The Group of 20 is considering injecting billions of dollars into the world economy through the International Monetary Fund to increase global liquidity, G20 sources said on Thursday.

The idea being discussed is to replicate a 2009 decision by G20 leaders that agreed to a special allocation of $250 billion (155 billion pounds) of IMF Special Drawing Rights, the IMF's internal unit of account, to its 187 member countries.

G20 European sources said that French President Nicolas Sarkozy was pushing to include a reference to the SDR allocation in a final G20 communique on Friday.

Some members could choose to sell part or all of their new SDR allocations to other members in exchange for hard currency, for example to meet balance of payments needs, while other members could buy more SDRs as a means of reallocating their reserves.

G20 sources said euro zone countries, worried about the sovereign debt crisis, were talking about the possibility of pooling their SDR allocations in some way.

One source from a large emerging market country said that if euro zone countries combined their SDR allocations, it could make available roughly $200 billion to Europe.

The IMF created SDRs in 1969 as a way to support its member countries. They are allocated according to members' IMF quotas, which are broadly based on a country's relative size in the world economy and which determines its voting power.

The idea of a special SDR allocation was raised during G20 discussions on increasing IMF resources to boost the institution's firepower to tackle future crises.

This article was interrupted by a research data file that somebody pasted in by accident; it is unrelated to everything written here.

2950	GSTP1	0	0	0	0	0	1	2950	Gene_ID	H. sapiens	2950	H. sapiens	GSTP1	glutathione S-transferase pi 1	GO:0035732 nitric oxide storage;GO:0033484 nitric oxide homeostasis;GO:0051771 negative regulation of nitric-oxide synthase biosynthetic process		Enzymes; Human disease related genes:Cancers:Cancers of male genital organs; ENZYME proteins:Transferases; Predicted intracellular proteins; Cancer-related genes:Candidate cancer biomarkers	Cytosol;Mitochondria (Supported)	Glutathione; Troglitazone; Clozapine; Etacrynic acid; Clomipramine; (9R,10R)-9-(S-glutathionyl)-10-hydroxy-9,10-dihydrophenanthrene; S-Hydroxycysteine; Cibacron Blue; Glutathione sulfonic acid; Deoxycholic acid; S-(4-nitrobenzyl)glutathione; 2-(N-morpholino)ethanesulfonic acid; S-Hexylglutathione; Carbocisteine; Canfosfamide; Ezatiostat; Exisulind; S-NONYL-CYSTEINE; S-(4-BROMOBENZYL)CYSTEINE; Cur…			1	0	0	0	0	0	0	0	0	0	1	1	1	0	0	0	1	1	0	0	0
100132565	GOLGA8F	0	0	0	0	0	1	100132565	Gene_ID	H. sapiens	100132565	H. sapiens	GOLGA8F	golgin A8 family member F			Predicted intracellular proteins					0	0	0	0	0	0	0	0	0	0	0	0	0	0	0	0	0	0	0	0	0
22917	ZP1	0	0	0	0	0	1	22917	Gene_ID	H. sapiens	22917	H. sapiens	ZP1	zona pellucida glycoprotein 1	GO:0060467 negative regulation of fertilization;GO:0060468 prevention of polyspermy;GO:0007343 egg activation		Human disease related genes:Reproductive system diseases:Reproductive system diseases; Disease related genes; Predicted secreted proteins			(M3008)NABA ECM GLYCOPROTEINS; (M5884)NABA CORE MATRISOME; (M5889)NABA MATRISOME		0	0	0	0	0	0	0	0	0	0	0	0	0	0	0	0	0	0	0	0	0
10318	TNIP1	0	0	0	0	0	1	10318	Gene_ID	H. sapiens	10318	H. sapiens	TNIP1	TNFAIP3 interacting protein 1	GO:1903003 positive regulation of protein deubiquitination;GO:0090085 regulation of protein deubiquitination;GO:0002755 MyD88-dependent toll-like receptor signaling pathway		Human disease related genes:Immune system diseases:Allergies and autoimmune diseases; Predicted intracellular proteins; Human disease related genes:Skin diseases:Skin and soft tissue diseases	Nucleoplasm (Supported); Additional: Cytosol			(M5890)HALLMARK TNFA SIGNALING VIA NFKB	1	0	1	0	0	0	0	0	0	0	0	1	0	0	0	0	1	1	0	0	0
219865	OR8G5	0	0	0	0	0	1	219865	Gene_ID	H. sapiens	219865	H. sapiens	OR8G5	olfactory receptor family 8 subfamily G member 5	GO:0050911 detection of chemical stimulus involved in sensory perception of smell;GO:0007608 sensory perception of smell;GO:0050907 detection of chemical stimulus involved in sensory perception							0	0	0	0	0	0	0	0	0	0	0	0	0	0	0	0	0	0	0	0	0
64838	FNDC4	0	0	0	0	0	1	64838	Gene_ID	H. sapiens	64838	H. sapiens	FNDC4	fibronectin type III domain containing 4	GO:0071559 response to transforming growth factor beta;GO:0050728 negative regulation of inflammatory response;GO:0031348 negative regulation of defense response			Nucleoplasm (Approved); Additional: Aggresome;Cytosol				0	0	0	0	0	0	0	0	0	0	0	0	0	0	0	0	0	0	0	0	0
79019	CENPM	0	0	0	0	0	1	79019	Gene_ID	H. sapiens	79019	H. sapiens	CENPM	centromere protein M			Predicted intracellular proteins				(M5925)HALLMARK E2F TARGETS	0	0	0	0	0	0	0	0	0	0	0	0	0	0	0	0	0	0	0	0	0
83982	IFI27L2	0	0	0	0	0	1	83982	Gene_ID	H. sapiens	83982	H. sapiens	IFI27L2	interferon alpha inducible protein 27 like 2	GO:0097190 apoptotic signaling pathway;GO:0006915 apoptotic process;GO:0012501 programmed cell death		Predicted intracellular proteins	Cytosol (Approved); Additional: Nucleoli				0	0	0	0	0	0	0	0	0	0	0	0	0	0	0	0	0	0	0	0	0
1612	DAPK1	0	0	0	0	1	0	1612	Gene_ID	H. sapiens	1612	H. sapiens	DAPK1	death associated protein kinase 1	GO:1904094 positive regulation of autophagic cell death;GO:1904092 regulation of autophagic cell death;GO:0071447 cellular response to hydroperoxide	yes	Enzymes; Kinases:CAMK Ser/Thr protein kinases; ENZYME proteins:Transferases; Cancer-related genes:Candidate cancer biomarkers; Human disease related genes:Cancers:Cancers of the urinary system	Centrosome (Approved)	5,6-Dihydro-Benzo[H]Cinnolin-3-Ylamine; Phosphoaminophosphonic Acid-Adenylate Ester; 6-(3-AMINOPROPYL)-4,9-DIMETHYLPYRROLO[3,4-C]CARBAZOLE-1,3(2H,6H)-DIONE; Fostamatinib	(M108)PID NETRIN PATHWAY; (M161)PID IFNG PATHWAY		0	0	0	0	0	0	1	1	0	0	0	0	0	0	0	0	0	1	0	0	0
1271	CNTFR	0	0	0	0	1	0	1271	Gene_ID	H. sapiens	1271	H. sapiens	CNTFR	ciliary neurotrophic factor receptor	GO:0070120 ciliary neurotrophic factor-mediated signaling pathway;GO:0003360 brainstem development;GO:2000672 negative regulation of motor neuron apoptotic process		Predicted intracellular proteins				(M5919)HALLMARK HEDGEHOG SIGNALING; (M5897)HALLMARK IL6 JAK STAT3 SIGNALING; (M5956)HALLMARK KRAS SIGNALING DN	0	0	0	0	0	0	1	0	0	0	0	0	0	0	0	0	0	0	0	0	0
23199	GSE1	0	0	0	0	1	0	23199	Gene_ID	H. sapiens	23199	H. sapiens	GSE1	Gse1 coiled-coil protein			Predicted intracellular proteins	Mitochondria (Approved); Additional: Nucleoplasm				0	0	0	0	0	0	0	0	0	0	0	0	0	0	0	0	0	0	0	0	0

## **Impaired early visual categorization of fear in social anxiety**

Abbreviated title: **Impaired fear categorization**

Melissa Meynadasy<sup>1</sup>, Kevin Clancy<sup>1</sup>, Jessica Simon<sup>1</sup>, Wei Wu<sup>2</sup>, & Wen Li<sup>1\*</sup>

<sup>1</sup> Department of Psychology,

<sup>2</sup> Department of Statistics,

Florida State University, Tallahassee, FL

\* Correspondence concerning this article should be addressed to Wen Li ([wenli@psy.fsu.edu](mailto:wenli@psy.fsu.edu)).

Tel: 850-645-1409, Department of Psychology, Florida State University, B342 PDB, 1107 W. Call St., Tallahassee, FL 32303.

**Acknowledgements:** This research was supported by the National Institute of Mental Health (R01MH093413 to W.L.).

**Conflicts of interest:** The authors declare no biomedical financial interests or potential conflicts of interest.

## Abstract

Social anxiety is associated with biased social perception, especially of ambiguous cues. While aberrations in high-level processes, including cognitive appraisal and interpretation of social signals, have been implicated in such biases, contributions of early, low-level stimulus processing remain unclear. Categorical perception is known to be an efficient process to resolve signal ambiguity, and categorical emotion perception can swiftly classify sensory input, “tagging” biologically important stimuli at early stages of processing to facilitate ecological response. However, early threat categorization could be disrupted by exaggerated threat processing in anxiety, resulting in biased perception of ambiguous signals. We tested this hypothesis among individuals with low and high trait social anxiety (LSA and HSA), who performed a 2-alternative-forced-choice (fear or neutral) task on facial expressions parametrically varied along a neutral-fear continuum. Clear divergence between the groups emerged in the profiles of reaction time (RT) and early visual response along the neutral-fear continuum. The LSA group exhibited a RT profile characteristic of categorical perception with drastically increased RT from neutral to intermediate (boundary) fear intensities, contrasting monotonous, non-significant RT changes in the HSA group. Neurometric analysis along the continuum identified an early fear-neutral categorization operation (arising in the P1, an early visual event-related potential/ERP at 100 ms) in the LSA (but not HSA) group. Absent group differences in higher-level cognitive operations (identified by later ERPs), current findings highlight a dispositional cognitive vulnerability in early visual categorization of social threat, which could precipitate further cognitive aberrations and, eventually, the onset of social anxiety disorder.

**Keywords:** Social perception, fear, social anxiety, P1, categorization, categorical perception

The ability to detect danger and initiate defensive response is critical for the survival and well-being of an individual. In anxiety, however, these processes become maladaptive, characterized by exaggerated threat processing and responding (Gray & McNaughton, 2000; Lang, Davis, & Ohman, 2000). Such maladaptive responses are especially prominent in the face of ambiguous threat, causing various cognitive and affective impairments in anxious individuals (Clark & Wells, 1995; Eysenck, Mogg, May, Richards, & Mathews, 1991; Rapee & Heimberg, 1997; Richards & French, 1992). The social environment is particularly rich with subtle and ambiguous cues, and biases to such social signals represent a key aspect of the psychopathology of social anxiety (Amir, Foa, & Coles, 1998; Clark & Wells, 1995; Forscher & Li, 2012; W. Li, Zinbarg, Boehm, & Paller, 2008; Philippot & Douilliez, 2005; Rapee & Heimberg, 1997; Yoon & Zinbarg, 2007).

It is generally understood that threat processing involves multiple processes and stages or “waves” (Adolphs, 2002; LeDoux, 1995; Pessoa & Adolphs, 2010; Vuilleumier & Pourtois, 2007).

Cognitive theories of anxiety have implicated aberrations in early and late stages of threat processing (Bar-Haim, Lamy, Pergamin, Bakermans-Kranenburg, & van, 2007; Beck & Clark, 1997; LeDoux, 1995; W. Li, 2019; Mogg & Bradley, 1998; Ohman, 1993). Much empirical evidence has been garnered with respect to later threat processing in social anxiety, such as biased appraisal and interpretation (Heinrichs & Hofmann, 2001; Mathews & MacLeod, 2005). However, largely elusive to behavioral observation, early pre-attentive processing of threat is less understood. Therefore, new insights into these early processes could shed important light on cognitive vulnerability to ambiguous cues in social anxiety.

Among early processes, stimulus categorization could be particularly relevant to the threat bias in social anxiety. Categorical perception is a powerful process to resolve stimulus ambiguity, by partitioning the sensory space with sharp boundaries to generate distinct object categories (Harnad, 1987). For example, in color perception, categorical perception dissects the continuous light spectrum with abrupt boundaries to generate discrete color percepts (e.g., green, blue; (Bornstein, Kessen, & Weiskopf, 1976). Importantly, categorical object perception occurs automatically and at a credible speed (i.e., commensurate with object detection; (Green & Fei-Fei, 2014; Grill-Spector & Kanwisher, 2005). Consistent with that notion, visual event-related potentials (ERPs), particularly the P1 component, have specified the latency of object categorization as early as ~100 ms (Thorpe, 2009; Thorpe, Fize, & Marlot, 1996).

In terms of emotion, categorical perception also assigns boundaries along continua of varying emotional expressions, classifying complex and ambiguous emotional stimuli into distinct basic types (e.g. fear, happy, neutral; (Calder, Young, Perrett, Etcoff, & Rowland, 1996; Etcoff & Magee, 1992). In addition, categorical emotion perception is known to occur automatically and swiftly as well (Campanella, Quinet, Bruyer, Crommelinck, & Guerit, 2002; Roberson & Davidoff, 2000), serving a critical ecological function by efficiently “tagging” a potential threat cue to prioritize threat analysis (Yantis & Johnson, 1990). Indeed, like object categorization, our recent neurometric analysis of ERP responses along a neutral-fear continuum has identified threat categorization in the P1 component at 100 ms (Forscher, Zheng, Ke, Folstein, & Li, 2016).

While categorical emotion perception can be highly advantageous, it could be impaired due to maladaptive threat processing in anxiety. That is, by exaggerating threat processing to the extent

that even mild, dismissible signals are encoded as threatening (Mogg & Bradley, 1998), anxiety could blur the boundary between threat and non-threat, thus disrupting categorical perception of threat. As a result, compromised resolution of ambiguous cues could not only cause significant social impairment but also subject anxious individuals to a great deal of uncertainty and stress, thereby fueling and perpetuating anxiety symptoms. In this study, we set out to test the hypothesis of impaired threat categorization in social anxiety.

One European source said a figure of $1 trillion was mentioned as a potential target for the increase in IMF lending resources, although the person emphasized there was no formal number.

There is growing concern that Greece could face a disorderly default, with potentially powerful repercussions for other highly indebted countries such as Italy.

There is a realization the fund can play a role, and it needs to be adequately resourced and have the right facilities to play that role, one G20 official said. That sense is in every delegation.

The G20 will be specific in their determination to increase resources, but it is unclear how specific they will be, another G20 source said.

The G20 is expected to endorse a new IMF credit line to help countries facing economic shocks beyond their control, a G20 official familiar with the matter said on Thursday.

The new Precautionary and Liquidity Line would be built into an existing credit facility for good performing countries facing balance of payment needs caused by exogenous shocks.

The official said IMF member countries would have to request the line the credit, which would be made available over a period of six months without IMF conditions. The amount of financing would be capped at about 500 percent of each members' IMF quota, or subscription.

The IMF board is set to discuss the proposal next week, although approval by the G20 would lend political momentum.

Asked whether such a line of credit would be available to countries such as Italy or Spain, which are facing market pressures from the debt crisis in Greece, the official said: It would not be a good characterization.

(Additional reporting by Abhijit Neogy and Daniel Flynn)